Few singers in the 70s struck genuine fear into their audience members like Suicide frontman Alan Vega. Where John Lydon’s invective was inclusive and Alice Cooper dealt in horror that played out like sheer pantomime, Vega was like
a deranged escapee from a maximum security prison – his capricious nature, with a tendency to yelp, holler and leap into the crowd and attack people, made him equal parts feared and respected.
In retrospect though, years after his untimely passing, it’s his rich musical legacy, not feral onstage persona, which endures. There are traces of Vega and bandmate Martin Rev’s influence evident in artists from Depeche Mode and Nine Inch Nails, right up to Adulkt Life and Forest Swords. This lost album, which features only eight tracks, plays out in experimental shades, and is therefore something of a curio.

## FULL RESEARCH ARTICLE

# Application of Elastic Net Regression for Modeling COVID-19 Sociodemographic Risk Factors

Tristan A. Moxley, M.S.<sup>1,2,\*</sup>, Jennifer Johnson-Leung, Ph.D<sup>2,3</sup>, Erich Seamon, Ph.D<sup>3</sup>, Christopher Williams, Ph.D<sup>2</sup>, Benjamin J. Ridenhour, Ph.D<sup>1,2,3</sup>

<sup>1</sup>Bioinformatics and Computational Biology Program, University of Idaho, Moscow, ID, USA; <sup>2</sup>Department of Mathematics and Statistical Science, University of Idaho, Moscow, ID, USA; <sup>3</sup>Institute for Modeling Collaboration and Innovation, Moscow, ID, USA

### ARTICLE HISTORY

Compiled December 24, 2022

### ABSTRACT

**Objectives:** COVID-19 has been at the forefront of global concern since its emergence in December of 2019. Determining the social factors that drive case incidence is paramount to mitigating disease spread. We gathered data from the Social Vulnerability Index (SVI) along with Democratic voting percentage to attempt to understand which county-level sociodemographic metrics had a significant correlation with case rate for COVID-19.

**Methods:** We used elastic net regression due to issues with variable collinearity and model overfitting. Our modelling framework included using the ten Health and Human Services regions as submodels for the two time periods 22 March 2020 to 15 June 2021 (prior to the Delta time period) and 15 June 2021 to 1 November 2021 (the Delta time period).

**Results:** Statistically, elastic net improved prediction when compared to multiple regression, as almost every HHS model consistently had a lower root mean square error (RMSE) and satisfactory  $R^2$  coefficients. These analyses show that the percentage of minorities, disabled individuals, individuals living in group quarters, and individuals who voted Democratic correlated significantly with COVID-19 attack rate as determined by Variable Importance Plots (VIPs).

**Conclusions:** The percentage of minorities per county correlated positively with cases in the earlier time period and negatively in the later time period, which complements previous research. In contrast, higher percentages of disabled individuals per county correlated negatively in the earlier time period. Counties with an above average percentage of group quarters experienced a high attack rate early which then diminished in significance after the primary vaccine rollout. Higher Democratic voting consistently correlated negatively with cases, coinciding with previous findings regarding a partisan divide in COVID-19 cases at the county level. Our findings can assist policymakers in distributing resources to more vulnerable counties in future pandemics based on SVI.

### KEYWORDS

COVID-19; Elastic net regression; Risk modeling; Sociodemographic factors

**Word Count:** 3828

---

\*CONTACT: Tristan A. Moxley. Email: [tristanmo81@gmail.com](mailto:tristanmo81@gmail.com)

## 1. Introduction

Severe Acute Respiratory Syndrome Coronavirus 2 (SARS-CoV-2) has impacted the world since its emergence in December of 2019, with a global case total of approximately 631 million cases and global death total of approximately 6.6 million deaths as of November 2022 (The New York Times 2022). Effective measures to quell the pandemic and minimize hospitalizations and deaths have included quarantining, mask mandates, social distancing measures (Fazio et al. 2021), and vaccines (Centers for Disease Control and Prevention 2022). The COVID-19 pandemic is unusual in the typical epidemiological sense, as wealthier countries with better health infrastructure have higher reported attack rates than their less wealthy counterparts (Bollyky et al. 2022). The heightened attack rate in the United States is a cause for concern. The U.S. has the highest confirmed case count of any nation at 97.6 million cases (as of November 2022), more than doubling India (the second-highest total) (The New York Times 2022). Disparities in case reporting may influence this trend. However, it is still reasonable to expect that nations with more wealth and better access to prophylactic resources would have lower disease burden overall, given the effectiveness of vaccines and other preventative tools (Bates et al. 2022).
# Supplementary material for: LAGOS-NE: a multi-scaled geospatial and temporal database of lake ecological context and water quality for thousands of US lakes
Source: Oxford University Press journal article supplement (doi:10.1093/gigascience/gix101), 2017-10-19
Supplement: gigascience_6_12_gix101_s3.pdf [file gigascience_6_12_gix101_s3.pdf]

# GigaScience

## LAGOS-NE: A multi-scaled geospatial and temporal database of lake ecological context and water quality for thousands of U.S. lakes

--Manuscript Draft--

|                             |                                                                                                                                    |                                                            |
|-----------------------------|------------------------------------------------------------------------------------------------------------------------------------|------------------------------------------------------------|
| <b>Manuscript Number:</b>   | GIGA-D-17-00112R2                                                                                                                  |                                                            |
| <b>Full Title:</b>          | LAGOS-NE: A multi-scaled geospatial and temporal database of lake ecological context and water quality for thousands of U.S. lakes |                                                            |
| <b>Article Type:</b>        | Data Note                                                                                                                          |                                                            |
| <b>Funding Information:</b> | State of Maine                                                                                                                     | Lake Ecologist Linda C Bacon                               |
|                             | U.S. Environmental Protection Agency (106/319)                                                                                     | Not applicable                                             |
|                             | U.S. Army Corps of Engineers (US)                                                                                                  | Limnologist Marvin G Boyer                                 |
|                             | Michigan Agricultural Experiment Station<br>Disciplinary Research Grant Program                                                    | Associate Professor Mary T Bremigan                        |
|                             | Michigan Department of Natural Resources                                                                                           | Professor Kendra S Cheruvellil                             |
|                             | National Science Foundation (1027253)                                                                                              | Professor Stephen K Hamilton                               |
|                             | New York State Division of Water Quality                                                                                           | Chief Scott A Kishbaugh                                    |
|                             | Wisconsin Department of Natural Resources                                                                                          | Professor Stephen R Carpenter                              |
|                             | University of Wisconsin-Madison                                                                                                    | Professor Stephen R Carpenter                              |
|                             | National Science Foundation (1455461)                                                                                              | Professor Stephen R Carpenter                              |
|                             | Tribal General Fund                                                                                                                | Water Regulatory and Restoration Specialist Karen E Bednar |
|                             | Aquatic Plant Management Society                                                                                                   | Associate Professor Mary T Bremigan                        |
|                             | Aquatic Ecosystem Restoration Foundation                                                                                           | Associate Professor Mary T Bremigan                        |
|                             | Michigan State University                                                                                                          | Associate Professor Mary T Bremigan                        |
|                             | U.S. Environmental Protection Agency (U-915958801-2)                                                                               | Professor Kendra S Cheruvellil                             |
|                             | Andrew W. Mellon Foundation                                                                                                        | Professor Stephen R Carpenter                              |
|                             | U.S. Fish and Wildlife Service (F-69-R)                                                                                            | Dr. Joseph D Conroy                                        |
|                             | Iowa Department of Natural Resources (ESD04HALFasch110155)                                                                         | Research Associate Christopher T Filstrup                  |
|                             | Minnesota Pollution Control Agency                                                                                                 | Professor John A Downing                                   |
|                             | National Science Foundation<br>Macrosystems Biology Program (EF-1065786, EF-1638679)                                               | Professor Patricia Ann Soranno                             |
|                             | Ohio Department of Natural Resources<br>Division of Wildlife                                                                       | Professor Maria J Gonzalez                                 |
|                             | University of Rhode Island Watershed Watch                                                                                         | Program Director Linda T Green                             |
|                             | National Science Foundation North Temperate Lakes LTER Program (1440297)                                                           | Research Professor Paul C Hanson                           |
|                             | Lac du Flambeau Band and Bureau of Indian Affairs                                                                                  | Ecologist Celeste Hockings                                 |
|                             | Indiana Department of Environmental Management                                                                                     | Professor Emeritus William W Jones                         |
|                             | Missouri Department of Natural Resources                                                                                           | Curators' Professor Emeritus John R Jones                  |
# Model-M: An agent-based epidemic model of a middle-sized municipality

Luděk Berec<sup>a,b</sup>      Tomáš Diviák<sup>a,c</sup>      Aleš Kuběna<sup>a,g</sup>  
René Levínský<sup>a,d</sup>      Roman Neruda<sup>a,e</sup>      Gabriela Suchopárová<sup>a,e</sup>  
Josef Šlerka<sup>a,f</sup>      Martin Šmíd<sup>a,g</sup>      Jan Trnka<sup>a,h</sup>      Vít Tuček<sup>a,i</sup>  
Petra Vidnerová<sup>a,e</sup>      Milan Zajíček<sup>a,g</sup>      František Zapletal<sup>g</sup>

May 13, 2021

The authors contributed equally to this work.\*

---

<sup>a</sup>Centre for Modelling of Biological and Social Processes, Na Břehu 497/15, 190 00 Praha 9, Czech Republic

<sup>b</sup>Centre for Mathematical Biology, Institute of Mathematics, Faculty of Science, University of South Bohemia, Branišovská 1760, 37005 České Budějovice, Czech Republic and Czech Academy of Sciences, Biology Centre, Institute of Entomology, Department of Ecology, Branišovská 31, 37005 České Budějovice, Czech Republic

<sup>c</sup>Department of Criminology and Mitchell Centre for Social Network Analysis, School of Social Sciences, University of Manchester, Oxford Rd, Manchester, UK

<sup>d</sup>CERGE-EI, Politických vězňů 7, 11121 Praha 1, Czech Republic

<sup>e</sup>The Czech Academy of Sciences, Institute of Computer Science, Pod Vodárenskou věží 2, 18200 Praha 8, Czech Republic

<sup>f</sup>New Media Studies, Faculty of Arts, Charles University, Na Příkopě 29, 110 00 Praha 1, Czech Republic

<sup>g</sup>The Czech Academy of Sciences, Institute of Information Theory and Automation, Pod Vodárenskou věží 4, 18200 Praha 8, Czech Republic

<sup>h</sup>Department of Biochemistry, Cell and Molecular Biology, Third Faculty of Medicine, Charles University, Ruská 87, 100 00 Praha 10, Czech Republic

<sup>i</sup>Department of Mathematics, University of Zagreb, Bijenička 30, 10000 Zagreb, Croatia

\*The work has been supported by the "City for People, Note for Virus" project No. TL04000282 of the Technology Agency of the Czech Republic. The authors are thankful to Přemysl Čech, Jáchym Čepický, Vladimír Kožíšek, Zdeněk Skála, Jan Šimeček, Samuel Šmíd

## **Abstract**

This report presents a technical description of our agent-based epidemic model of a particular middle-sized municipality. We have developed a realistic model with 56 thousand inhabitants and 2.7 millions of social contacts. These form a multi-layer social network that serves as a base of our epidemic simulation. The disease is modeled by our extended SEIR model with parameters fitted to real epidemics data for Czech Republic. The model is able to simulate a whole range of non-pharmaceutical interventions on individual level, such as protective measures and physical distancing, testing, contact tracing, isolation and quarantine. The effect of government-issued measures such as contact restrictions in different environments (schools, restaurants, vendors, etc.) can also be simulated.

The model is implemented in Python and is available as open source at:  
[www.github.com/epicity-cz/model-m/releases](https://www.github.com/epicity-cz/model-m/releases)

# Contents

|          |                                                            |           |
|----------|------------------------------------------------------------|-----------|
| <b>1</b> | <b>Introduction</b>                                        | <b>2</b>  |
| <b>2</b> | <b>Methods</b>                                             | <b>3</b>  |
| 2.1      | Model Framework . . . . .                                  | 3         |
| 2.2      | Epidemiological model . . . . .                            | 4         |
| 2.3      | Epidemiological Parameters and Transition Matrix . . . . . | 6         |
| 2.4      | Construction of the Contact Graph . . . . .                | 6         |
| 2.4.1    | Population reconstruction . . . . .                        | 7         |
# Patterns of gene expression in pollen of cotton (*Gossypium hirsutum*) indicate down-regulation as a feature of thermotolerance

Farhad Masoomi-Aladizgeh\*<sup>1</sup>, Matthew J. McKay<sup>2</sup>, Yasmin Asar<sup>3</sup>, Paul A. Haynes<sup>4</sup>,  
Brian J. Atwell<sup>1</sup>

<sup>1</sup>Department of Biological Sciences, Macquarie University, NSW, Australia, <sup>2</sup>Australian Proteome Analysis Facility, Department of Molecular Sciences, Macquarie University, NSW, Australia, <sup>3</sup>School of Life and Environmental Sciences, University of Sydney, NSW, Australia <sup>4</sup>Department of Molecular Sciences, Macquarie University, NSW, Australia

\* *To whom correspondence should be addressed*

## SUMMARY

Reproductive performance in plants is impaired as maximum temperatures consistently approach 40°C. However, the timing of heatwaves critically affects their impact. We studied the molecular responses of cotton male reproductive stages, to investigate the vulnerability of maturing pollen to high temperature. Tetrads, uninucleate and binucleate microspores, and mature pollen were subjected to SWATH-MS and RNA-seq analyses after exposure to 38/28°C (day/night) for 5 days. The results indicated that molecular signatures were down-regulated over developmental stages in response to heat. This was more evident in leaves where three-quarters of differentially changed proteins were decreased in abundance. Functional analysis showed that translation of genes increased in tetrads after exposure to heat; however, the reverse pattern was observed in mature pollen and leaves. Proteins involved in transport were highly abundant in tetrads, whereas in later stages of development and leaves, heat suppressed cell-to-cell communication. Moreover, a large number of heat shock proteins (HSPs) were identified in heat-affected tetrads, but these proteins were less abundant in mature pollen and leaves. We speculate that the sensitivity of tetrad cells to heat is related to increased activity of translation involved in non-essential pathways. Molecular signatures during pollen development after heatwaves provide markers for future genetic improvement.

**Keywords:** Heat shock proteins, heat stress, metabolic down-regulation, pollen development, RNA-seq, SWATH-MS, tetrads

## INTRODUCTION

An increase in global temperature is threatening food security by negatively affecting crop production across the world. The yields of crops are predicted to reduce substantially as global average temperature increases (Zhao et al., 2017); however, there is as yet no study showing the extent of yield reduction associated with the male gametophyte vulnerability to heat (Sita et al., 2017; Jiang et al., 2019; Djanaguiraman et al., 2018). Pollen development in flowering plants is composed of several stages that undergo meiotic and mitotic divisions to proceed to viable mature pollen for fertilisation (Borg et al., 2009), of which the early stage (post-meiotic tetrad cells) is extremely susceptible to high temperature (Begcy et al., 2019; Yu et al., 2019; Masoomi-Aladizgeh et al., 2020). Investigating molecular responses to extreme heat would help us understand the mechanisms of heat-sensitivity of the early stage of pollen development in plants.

Muscles and Nike Soldier most sound like Suicide, with their screams, and dubby, fever dream instrumentation, whereas Samurai widens the palette more, a track that’s a bland Vangelis soundscape with Vega muttering darkly about “missing girls” and “selling trash” like a cinematic serial killer. The effect is rather bizarre, saccharine easy listening turned into poison.
In the main, it’s an album concerned with a search for some kind of redemption – religion rubs up uncomfortably with the darkest corners of the human psyche, most notably on closing tracks Psalm 68 and Breathe – but sadly, these become self-indulgent, with impenetrable layers of grating, shrill synth that feel more like a work-in-progress.
The stand-out track, Fist, is a febrile grind, where Vega’s voice, here more a desperate growl than his trademark desolate croon, curls around the wild synths: it’s ecstatic and dirty, evocative of a sweaty European techno club. This, and the layered Filthy, are worth investing in – more akin to the spit and spite of Vega at his most exotic. Ultimately, it’s hard to know where this album sits, even in 2021, but there is still enough here that make it well worth dipping into.